Investors also were in on the game, the point of which was to keep the stock price heading higher. The firms that indulged in this practice would concoct their own customized definitions of pro forma, then issue guidance to Wall Street analysts, who would set the consensus earnings estimate. When the firm beat the estimate by a penny or two per share, CNBC analysts and online journalists (and, yes, I was among them) would breathlessly report a “better than expected” earnings report, whereupon the stock would rally hugely. Investors might momentarily be puzzled to read in the newspaper the next morning that the firm actually had posted a big loss. But, reading on, they would be reassured to learn that it was only a GAAP loss; the pro forma results were generally much more impressive.

Consider what happened when Yahoo! posted its fourth-quarter 2001 results six months ago. The firm’s revenues had fallen precipitously from the year-ago quarter, and on a GAAP basis it lost 2 cents per share. But Yahoo! highlighted its pro forma profit of 3 cents per share, which was 2 cents higher than the consensus estimate. Pandemonium! Yahoo! shares shot up more than 10 percent that day, touching off a marketwide rally that sent the Dow Jones industrial average up 138 points.

But the same day Yahoo! released its report, the SEC began cracking down on pro forma abuse. The first wrist to be slapped was Donald Trump’s: His Trump Hotels and Casino Resorts was zapped for a 1999 earnings release that trumpeted an impressive profit that excluded an $81.4 million charge but included an undisclosed, onetime $17.2 million gain. That would have been fine had the company winked at investors by calling it “pro forma.” But the release omitted the phrase altogether, leaving investors to presume that the numbers bandied about were GAAP-worthy.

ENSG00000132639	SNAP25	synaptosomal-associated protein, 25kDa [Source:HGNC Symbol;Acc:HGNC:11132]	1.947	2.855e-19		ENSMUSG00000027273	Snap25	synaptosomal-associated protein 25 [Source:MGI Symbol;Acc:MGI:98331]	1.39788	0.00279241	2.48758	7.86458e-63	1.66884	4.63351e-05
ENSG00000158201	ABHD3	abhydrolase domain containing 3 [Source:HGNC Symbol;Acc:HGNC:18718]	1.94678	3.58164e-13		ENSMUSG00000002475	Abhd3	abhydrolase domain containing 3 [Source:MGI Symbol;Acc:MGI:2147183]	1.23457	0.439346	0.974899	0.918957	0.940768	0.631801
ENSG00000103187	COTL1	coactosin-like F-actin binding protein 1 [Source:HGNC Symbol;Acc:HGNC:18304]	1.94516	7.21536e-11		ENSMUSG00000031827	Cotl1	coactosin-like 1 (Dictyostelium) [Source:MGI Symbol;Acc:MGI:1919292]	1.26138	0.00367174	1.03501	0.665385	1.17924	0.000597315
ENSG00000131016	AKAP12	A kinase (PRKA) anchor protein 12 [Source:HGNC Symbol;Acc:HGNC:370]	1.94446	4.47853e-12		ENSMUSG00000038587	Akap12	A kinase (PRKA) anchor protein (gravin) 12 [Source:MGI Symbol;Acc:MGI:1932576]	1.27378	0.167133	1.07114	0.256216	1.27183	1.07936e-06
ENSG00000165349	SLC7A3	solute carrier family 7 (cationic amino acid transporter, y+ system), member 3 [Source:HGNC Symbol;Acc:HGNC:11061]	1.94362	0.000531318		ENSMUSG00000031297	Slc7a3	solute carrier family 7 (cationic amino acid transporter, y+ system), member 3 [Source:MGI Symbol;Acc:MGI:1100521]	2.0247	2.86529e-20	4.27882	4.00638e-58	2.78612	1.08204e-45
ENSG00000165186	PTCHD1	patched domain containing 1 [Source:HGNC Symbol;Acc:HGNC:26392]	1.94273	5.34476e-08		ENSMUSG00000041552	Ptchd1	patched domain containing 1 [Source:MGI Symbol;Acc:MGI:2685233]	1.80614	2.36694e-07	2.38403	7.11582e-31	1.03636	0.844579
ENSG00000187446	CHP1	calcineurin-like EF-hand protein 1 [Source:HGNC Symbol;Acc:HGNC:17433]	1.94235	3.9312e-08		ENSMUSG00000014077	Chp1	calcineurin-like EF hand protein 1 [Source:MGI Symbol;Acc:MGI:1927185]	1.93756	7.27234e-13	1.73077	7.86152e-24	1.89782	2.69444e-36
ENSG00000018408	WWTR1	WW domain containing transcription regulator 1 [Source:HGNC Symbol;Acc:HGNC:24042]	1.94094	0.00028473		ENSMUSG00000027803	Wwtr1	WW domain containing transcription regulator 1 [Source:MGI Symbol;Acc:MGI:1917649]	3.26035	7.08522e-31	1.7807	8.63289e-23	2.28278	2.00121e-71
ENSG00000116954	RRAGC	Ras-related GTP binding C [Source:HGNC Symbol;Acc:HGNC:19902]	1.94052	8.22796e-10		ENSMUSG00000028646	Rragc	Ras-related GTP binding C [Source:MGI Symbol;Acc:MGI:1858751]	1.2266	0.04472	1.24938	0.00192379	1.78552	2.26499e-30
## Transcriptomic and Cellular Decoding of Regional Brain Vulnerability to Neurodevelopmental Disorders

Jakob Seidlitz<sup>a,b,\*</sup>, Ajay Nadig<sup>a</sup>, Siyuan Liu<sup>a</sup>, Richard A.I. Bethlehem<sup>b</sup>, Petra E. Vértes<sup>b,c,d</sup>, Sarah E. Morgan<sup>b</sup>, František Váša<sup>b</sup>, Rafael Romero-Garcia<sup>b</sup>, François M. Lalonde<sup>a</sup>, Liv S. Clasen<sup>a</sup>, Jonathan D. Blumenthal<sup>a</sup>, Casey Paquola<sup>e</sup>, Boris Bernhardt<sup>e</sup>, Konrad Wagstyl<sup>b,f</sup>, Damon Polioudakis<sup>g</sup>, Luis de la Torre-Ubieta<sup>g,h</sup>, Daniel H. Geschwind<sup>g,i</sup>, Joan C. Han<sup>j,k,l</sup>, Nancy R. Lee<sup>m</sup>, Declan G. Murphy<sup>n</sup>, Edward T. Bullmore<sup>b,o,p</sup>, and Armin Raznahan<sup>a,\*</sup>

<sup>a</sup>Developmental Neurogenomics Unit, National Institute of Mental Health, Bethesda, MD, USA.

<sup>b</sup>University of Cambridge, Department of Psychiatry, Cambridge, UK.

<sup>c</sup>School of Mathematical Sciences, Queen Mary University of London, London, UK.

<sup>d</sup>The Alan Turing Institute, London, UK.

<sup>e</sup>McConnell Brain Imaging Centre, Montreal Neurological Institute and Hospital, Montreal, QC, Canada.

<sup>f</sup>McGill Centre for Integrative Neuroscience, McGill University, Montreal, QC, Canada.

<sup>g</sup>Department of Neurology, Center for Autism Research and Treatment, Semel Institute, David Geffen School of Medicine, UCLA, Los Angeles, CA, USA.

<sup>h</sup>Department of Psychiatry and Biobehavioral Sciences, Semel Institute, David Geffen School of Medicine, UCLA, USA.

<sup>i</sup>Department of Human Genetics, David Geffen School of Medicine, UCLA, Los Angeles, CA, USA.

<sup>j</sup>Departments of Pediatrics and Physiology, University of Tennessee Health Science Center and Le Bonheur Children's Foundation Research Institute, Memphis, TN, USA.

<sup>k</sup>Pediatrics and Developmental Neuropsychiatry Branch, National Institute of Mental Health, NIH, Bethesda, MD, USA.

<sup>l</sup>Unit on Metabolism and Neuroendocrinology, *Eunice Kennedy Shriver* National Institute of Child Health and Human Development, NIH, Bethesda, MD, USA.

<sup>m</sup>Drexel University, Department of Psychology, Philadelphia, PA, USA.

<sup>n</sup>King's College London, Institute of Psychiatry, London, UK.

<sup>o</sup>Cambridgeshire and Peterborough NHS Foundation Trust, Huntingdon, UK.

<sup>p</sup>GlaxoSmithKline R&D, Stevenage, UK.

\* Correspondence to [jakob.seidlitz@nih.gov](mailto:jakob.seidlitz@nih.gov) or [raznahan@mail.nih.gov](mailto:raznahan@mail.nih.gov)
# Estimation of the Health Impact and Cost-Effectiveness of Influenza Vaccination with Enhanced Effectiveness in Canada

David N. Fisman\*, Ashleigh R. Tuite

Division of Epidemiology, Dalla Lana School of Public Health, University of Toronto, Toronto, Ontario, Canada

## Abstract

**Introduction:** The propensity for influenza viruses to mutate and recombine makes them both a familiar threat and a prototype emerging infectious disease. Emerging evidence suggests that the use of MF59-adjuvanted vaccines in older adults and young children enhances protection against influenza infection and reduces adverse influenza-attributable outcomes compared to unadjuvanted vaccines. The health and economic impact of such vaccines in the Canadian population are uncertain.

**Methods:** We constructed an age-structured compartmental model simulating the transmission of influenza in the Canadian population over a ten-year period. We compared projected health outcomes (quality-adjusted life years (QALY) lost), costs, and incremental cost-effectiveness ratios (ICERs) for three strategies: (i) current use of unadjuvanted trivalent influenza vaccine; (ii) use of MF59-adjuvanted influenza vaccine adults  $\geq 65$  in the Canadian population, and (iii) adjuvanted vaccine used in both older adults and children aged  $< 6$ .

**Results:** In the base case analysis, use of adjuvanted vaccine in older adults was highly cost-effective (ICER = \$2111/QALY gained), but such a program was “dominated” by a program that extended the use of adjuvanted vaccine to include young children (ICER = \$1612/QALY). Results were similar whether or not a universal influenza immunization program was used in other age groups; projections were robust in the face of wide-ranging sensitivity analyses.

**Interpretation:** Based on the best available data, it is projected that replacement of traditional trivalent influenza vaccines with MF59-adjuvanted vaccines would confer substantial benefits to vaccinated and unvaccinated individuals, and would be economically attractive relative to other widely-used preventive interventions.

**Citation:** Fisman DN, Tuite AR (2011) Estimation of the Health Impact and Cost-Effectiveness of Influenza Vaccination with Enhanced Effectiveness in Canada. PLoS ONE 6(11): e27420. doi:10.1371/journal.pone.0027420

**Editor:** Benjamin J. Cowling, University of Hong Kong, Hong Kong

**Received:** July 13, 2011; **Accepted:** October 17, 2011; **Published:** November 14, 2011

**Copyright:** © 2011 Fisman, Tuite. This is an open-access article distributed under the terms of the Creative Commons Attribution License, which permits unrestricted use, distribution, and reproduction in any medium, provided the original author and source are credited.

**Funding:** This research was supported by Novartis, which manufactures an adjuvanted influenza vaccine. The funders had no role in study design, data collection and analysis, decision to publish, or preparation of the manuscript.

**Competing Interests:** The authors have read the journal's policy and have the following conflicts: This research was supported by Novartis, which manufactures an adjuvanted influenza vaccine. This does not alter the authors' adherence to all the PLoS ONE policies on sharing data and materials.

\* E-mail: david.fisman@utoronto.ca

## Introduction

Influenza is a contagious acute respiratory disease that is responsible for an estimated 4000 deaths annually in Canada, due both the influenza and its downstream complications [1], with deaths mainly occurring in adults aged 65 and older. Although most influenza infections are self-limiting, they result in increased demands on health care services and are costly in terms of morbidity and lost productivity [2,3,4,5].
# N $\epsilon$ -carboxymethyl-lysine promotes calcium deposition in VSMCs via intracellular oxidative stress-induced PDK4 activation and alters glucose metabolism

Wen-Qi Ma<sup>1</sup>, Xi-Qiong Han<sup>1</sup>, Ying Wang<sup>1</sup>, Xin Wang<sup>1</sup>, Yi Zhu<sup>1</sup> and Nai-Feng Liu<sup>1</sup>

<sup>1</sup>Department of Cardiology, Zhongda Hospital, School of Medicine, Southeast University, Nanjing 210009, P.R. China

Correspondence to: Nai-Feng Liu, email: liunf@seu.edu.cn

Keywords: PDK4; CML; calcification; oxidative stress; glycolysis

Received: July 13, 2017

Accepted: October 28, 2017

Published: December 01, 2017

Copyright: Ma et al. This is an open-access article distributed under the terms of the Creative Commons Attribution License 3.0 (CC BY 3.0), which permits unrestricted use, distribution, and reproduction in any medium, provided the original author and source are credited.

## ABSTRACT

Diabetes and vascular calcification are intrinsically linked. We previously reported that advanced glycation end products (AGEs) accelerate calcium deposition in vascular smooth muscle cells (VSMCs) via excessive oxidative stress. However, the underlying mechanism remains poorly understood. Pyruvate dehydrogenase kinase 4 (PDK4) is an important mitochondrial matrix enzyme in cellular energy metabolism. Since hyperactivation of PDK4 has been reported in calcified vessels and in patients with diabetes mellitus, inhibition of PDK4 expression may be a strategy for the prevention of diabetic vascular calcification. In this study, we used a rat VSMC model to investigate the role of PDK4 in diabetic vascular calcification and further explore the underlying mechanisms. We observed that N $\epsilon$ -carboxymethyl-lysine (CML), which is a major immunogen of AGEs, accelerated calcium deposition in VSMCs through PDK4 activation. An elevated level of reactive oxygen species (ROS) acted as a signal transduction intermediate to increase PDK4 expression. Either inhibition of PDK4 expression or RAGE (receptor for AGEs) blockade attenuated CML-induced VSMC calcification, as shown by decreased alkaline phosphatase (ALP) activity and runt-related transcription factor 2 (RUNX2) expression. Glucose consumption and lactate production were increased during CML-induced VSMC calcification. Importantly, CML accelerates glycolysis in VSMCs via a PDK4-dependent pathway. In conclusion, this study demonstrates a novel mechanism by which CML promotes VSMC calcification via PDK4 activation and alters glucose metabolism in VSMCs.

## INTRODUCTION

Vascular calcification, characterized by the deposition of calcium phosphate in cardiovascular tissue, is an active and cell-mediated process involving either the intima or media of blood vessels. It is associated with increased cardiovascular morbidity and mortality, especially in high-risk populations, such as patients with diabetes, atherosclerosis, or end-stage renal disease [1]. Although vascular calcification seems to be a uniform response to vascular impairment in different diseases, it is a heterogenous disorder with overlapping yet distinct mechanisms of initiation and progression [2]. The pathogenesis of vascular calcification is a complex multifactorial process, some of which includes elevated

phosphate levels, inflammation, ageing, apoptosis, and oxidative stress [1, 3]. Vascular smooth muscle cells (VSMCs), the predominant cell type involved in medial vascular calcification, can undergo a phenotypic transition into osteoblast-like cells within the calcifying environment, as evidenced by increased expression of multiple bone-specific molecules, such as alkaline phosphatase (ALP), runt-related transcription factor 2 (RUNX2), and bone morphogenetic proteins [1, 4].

The Donald’s firm paid no penalty, but the pro forma players felt a chill. Yahoo!’s rally was short-lived. The Enron scandal made investors suspicious of anything that smacked of accounting trickery. Three months later, Yahoo!’s first-quarter release emphasized EBITDA earnings, which are more consistently defined than pro forma earnings (though still problematic, as Daniel Gross explained). Moreover, Yahoo! renounced any future use of pro forma. With last week’s second-quarter release, Yahoo! delivered on that promise and went even further, by embracing GAAP as a marketing strategy. The headline blared that Yahoo! “Delivers Year Over Year Growth and GAAP Net Income,” as though GAAP were an exciting new product. Which in a way it is.

No doubt Yahoo!’s decision was made easier by the fact that it could post a GAAP profit for the second quarter. Some other firms, especially money-losing tech firms, still are posting pro forma results. But they are also proclaiming their fealty to GAAP by featuring the acronym high up in their earnings releases and by carefully explaining how their pro forma numbers were calculated. Still, Yahoo! has won little applause for its move, even while Coca-Cola is being lionized for its decision to expense stock options. No firm is going to get much credit for abandoning the pro forma charade, because the act of renunciation only draws attention to the fact that they were playing the game in the first place.